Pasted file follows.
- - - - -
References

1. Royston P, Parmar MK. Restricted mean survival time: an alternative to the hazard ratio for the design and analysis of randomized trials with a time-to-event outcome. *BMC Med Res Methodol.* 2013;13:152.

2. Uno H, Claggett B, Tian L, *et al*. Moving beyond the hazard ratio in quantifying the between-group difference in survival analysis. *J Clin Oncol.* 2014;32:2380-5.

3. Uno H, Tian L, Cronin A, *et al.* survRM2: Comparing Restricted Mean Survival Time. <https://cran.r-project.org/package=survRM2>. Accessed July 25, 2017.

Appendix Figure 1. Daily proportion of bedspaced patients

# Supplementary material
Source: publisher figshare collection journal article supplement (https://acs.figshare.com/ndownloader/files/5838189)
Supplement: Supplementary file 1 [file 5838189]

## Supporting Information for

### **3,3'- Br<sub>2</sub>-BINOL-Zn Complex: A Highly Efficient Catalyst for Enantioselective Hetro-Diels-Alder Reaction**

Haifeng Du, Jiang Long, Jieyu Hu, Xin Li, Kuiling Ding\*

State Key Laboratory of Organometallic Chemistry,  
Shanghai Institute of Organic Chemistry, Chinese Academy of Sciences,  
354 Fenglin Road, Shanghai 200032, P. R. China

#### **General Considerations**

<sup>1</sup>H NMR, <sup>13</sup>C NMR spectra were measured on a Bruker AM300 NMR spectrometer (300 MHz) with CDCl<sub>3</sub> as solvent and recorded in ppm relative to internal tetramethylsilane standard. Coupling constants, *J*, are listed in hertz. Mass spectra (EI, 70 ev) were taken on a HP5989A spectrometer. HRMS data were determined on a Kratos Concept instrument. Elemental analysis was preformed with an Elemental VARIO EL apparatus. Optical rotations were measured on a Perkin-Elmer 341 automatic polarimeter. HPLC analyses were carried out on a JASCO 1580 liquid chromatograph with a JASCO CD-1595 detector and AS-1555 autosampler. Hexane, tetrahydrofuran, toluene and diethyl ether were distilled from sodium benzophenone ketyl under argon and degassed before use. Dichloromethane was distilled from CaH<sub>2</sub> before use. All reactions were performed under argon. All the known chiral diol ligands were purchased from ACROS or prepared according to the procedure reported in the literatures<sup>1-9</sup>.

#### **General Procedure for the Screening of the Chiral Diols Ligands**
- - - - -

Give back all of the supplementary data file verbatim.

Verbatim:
References

1. Royston P, Parmar MK. Restricted mean survival time: an alternative to the hazard ratio for the design and analysis of randomized trials with a time-to-event outcome. *BMC Med Res Methodol.* 2013;13:152.

2. Uno H, Claggett B, Tian L, *et al*. Moving beyond the hazard ratio in quantifying the between-group difference in survival analysis. *J Clin Oncol.* 2014;32:2380-5.

3. Uno H, Tian L, Cronin A, *et al.* survRM2: Comparing Restricted Mean Survival Time. <https://cran.r-project.org/package=survRM2>. Accessed July 25, 2017.

Appendix Figure 1. Daily proportion of bedspaced patients

# Supplementary material
Source: publisher figshare collection journal article supplement (https://acs.figshare.com/ndownloader/files/5838189)
Supplement: Supplementary file 1 [file 5838189]

## Supporting Information for

### **3,3'- Br<sub>2</sub>-BINOL-Zn Complex: A Highly Efficient Catalyst for Enantioselective Hetro-Diels-Alder Reaction**

Haifeng Du, Jiang Long, Jieyu Hu, Xin Li, Kuiling Ding\*

State Key Laboratory of Organometallic Chemistry,  
Shanghai Institute of Organic Chemistry, Chinese Academy of Sciences,  
354 Fenglin Road, Shanghai 200032, P. R. China

#### **General Considerations**

<sup>1</sup>H NMR, <sup>13</sup>C NMR spectra were measured on a Bruker AM300 NMR spectrometer (300 MHz) with CDCl<sub>3</sub> as solvent and recorded in ppm relative to internal tetramethylsilane standard. Coupling constants, *J*, are listed in hertz. Mass spectra (EI, 70 ev) were taken on a HP5989A spectrometer. HRMS data were determined on a Kratos Concept instrument. Elemental analysis was preformed with an Elemental VARIO EL apparatus. Optical rotations were measured on a Perkin-Elmer 341 automatic polarimeter. HPLC analyses were carried out on a JASCO 1580 liquid chromatograph with a JASCO CD-1595 detector and AS-1555 autosampler. Hexane, tetrahydrofuran, toluene and diethyl ether were distilled from sodium benzophenone ketyl under argon and degassed before use. Dichloromethane was distilled from CaH<sub>2</sub> before use. All reactions were performed under argon. All the known chiral diol ligands were purchased from ACROS or prepared according to the procedure reported in the literatures<sup>1-9</sup>.

#### **General Procedure for the Screening of the Chiral Diols Ligands**